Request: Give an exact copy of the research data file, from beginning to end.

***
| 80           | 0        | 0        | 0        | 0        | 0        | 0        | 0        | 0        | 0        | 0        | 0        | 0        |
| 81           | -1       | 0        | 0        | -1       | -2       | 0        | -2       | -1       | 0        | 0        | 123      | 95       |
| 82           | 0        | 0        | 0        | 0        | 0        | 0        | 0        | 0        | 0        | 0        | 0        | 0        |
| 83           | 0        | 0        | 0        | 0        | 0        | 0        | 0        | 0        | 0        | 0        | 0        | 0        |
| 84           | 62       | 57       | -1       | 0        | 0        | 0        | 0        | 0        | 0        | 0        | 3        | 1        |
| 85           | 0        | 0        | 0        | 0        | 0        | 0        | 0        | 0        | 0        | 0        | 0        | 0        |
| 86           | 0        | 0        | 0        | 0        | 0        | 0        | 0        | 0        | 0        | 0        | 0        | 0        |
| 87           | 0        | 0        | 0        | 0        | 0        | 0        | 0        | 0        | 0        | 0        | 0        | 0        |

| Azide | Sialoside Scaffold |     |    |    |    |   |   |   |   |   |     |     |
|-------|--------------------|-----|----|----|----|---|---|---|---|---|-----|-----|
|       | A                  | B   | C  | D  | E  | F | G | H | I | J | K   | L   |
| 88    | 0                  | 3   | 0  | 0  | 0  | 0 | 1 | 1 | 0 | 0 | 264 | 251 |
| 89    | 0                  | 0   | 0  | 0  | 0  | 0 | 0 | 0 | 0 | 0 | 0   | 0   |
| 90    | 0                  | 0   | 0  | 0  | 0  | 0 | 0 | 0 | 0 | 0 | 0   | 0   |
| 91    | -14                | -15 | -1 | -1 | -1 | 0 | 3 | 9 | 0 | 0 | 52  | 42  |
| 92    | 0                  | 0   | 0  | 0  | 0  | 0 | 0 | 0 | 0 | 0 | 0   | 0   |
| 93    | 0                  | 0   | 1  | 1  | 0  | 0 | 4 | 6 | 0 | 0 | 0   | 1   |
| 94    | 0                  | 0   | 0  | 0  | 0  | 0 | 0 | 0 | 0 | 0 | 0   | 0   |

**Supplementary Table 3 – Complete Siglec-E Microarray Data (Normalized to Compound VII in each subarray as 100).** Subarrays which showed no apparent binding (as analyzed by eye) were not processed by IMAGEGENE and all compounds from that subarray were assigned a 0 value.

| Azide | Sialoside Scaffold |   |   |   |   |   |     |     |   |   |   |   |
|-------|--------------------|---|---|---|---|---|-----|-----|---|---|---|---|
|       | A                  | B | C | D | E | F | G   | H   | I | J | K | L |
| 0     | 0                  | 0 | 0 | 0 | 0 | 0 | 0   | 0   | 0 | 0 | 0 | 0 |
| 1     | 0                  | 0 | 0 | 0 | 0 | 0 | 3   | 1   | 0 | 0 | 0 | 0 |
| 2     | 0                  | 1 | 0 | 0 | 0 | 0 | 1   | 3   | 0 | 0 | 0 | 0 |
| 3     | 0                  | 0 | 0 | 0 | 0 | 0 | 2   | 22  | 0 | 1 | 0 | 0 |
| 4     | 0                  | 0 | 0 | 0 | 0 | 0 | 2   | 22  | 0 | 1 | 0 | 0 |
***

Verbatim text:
| 80           | 0        | 0        | 0        | 0        | 0        | 0        | 0        | 0        | 0        | 0        | 0        | 0        |
| 81           | -1       | 0        | 0        | -1       | -2       | 0        | -2       | -1       | 0        | 0        | 123      | 95       |
| 82           | 0        | 0        | 0        | 0        | 0        | 0        | 0        | 0        | 0        | 0        | 0        | 0        |
| 83           | 0        | 0        | 0        | 0        | 0        | 0        | 0        | 0        | 0        | 0        | 0        | 0        |
| 84           | 62       | 57       | -1       | 0        | 0        | 0        | 0        | 0        | 0        | 0        | 3        | 1        |
| 85           | 0        | 0        | 0        | 0        | 0        | 0        | 0        | 0        | 0        | 0        | 0        | 0        |
| 86           | 0        | 0        | 0        | 0        | 0        | 0        | 0        | 0        | 0        | 0        | 0        | 0        |
| 87           | 0        | 0        | 0        | 0        | 0        | 0        | 0        | 0        | 0        | 0        | 0        | 0        |

| Azide | Sialoside Scaffold |     |    |    |    |   |   |   |   |   |     |     |
|-------|--------------------|-----|----|----|----|---|---|---|---|---|-----|-----|
|       | A                  | B   | C  | D  | E  | F | G | H | I | J | K   | L   |
| 88    | 0                  | 3   | 0  | 0  | 0  | 0 | 1 | 1 | 0 | 0 | 264 | 251 |
| 89    | 0                  | 0   | 0  | 0  | 0  | 0 | 0 | 0 | 0 | 0 | 0   | 0   |
| 90    | 0                  | 0   | 0  | 0  | 0  | 0 | 0 | 0 | 0 | 0 | 0   | 0   |
| 91    | -14                | -15 | -1 | -1 | -1 | 0 | 3 | 9 | 0 | 0 | 52  | 42  |
| 92    | 0                  | 0   | 0  | 0  | 0  | 0 | 0 | 0 | 0 | 0 | 0   | 0   |
| 93    | 0                  | 0   | 1  | 1  | 0  | 0 | 4 | 6 | 0 | 0 | 0   | 1   |
| 94    | 0                  | 0   | 0  | 0  | 0  | 0 | 0 | 0 | 0 | 0 | 0   | 0   |

**Supplementary Table 3 – Complete Siglec-E Microarray Data (Normalized to Compound VII in each subarray as 100).** Subarrays which showed no apparent binding (as analyzed by eye) were not processed by IMAGEGENE and all compounds from that subarray were assigned a 0 value.

| Azide | Sialoside Scaffold |   |   |   |   |   |     |     |   |   |   |   |
|-------|--------------------|---|---|---|---|---|-----|-----|---|---|---|---|
|       | A                  | B | C | D | E | F | G   | H   | I | J | K | L |
| 0     | 0                  | 0 | 0 | 0 | 0 | 0 | 0   | 0   | 0 | 0 | 0 | 0 |
| 1     | 0                  | 0 | 0 | 0 | 0 | 0 | 3   | 1   | 0 | 0 | 0 | 0 |
| 2     | 0                  | 1 | 0 | 0 | 0 | 0 | 1   | 3   | 0 | 0 | 0 | 0 |
| 3     | 0                  | 0 | 0 | 0 | 0 | 0 | 2   | 22  | 0 | 1 | 0 | 0 |
| 4     | 0                  | 0 | 0 | 0 | 0 | 0 | 2   | 22  | 0 | 1 | 0 | 0 |